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I. Legal Framework

Legislative Responses to Terrorism

The Legislative Act No. 2 of 2003 modified certain articles of the Constitution in order to grant authorities powers to fight and prevent terrorism.1
The Act allows authorities:
  • to intercept or register mail and other forms of private communications without a court warrant, but on serious grounds only, and upon immediate notification to the Procuradur General de la Naci,2 and to be reviewed by a judge within the following 36 hours;
  • to keep a register of the residence of every inhabitant on the Colombian territory;
  • to conduct, without previous court order, arrests, raids and residence inspections, where there are serious motives related to the prevention of terrorist acts, but only upon immediate notification to the Procuradur General de la Naci; and subject to a later review by a judge within the following 36 hours. 
On December 10, 2003, the Senate passed a constitutional reform named "Anti-terrorism Act" containing provisions that would authorize government authorities to intercept private communications without judicial authorization in cases related to terrorism. This Constitutional reform provides that: "In order to prevent terrorist acts, a law will regulate the form and conditions in which the authorities it indicates can, based on serious reasons, intercept or examine the correspondence and other forms of private communication, without previous judicial order."3 According to Amnesty International, this constitutional reform undermines human rights.4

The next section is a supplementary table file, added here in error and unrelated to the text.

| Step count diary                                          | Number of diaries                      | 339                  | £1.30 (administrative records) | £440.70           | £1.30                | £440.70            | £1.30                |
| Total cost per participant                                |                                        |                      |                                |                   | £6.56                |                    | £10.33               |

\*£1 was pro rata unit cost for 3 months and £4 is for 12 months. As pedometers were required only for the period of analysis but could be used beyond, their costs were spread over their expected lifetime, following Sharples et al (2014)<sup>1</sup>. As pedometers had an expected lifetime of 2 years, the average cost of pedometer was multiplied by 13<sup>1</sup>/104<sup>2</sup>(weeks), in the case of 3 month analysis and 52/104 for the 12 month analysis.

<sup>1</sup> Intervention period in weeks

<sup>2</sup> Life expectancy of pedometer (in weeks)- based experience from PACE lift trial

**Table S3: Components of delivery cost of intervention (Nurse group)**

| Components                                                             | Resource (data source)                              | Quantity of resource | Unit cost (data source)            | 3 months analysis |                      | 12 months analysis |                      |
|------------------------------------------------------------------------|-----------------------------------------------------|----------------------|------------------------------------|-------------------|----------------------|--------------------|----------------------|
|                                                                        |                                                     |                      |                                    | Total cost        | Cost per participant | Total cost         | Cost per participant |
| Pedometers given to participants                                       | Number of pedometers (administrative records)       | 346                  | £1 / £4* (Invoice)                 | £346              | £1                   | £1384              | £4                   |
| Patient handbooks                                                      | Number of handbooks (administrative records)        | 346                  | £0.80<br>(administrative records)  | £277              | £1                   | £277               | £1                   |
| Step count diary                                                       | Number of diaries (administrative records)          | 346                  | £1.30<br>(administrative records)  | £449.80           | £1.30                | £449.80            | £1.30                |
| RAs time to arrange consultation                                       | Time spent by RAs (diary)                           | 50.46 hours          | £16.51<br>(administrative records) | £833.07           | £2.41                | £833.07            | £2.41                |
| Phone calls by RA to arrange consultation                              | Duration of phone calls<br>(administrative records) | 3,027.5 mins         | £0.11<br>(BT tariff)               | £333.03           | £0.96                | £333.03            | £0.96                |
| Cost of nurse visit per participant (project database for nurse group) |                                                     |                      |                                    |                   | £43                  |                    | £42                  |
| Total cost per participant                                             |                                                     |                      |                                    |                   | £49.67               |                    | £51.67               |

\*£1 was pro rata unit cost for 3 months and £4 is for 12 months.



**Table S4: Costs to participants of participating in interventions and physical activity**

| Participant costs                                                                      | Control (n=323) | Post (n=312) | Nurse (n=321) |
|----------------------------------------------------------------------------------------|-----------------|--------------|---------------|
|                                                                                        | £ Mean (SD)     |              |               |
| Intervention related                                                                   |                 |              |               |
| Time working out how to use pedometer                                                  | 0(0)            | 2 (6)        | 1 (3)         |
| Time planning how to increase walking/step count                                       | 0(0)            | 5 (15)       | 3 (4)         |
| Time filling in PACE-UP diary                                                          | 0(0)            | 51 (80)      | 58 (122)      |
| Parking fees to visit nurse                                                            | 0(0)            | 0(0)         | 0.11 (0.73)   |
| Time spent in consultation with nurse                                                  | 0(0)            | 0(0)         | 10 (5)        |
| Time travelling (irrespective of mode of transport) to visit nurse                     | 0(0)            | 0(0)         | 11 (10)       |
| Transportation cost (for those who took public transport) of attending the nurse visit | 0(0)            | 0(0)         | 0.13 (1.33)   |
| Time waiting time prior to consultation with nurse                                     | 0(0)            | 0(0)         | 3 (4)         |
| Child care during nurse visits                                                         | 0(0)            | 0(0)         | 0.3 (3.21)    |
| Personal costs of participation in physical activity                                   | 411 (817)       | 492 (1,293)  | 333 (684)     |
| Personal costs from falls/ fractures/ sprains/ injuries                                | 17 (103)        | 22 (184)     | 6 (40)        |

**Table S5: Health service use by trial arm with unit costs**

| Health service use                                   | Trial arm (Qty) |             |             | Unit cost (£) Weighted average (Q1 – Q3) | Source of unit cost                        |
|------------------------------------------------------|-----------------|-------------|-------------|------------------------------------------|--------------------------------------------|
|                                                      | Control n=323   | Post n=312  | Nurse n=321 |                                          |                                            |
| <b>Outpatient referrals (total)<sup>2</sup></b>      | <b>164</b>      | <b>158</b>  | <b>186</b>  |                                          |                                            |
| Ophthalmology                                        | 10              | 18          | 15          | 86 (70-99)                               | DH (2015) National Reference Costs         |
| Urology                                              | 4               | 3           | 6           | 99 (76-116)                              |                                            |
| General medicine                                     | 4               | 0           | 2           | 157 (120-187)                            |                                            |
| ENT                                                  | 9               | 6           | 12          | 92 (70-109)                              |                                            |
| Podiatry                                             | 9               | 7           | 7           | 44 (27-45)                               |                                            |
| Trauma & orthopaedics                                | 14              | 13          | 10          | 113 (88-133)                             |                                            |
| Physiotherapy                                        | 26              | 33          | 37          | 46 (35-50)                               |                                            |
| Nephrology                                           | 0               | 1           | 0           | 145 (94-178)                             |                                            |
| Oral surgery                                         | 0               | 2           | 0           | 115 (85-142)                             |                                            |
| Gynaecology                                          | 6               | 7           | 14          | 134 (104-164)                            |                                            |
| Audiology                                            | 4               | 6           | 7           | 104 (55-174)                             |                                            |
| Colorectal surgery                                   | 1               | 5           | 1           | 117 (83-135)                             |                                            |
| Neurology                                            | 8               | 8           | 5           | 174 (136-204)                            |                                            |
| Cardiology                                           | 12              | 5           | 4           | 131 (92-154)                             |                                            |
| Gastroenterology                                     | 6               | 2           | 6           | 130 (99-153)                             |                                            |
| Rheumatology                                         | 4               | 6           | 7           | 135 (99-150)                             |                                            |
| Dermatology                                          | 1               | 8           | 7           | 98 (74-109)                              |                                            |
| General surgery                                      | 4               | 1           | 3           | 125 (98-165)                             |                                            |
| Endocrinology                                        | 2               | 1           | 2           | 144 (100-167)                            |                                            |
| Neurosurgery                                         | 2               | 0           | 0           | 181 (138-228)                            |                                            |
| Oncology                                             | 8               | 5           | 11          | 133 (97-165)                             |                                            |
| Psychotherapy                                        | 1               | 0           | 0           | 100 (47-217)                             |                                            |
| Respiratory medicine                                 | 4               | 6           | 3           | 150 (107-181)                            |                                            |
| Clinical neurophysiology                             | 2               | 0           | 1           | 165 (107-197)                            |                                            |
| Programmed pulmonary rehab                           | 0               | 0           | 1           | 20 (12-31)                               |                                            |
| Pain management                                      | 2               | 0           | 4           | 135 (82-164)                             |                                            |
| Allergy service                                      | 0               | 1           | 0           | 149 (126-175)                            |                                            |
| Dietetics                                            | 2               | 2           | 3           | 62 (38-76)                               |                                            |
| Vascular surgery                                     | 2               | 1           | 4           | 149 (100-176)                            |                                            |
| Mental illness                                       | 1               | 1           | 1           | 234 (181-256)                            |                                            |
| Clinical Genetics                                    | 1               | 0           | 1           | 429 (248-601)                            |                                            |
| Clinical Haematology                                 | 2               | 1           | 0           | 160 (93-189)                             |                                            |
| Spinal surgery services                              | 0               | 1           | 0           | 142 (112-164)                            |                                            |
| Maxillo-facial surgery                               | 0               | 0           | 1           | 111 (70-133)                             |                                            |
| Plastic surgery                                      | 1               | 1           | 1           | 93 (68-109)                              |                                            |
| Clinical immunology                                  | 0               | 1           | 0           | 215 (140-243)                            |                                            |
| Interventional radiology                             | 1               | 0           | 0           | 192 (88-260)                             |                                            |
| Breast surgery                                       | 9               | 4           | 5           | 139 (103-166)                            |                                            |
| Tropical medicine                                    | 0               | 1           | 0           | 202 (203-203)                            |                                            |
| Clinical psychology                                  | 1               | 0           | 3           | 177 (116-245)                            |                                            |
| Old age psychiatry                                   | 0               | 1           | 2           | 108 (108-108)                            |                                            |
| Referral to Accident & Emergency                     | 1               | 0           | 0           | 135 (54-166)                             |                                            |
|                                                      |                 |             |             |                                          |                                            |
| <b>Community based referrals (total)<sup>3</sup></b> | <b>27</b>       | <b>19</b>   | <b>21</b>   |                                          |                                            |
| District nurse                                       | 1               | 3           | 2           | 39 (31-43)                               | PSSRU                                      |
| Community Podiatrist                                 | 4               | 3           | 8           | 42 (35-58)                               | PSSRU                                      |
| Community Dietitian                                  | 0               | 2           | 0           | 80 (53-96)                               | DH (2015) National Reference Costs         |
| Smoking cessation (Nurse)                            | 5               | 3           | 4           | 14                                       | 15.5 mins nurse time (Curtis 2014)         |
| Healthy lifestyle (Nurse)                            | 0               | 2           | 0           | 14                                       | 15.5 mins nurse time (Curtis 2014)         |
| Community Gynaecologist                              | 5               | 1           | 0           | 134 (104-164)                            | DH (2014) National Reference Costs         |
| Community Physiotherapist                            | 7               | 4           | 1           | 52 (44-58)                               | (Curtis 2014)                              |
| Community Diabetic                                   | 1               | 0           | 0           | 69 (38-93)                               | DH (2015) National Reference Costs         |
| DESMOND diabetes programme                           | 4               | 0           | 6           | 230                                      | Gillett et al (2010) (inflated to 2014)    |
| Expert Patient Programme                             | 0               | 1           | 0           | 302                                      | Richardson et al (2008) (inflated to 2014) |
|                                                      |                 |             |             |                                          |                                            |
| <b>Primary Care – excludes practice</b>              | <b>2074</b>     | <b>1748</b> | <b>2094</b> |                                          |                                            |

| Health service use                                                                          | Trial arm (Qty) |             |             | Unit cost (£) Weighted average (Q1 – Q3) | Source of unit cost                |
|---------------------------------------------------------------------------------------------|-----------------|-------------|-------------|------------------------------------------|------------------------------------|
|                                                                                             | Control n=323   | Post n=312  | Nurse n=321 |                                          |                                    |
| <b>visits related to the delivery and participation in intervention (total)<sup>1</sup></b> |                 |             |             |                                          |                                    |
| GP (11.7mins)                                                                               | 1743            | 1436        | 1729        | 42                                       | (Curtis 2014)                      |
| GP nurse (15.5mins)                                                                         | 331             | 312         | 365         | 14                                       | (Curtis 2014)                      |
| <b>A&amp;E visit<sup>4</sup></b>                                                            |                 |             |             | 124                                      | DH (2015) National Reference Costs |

In June 2004, the House of Representatives enacted legislation implementing the new constitutional reform. Article 4 of the anti-terrorism law allows the army, the police and the Administrative Department of Security (DAS) to carry out searches, tap telephones and intercept private correspondence without a judicial authorization in the case of persons suspected of terrorist links. Because the "anti-terrorism statute" involves a constitutional reform and the "anti-terrorism law" involves fundamental human rights, they must receive the endorsement of the Constitutional Court before becoming law. On August 30, 2004, the Constitutional Court declared this reform unconstitutional due to procedural irregularities during the approval of the law in Congress.5